The field flux does not vary to a great extent. Therefore, the terminal voltage remains constant under varying load conditions. This type of generator is considered a constant voltage machine.

All machines are designed to do a certain amount of work. If overloaded, their lives are shortened. As with any machine, the life of a generator can be shortened by an overload condition.

When overloaded, the shunt generator terminal voltage drops rapidly. Excessive current causes the armature windings to heat up. The heat can cause the generator to fail by destroying the thin coat of insulation covering the armature wires.

## Series Generator

The series generator is so named because its field windings are wired in series with the armature and the load. Such a generator is sketched in Figure 3.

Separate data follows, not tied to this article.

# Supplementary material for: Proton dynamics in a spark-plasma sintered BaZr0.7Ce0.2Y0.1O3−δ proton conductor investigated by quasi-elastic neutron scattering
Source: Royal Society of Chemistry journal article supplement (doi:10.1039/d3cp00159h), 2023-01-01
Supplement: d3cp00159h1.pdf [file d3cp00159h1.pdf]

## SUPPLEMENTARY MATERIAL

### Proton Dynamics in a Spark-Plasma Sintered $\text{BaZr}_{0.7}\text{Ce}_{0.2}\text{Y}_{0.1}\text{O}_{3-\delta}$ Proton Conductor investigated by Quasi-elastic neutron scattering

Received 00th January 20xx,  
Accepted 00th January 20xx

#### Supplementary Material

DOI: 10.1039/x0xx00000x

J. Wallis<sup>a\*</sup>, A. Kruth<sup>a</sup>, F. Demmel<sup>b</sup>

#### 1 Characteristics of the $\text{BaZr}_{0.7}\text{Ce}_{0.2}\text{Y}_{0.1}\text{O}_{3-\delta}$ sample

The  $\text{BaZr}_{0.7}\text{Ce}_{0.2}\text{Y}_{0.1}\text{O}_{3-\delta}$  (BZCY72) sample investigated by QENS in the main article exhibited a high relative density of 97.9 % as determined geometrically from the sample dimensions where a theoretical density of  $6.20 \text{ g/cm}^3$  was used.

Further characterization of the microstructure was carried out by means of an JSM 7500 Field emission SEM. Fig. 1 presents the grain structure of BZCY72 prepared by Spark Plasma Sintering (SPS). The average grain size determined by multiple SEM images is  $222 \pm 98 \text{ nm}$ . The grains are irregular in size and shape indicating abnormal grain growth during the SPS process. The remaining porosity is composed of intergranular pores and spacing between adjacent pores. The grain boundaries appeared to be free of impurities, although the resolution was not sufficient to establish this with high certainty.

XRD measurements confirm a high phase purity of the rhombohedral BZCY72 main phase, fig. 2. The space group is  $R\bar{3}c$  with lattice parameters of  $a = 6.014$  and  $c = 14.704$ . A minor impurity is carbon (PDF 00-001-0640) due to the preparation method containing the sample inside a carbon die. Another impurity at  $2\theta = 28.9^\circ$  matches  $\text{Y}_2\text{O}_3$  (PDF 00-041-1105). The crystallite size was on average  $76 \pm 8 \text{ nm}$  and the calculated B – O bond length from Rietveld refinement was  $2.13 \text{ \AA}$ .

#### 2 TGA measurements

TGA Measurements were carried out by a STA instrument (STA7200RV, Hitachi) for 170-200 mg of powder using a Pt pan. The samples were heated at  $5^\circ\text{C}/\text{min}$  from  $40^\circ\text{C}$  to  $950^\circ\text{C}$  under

A series winding by itself will provide a fluctuating voltage to the generator load. As the current increases or decreases through the load, the voltage at the generator output terminals will greatly increase or decrease. Because of the wide difference in output voltage, it is not a very practical generator to use if the load varies.

Figure 3. A series wound generator.

## Compound Generator

The compound generator uses both series and shunt windings in the field.

The series windings are often a few turns of large wire. The wire size of the series winding is usually the same size as the armature conductors. These windings must carry the same amount of current as the armature since they are in series with each other.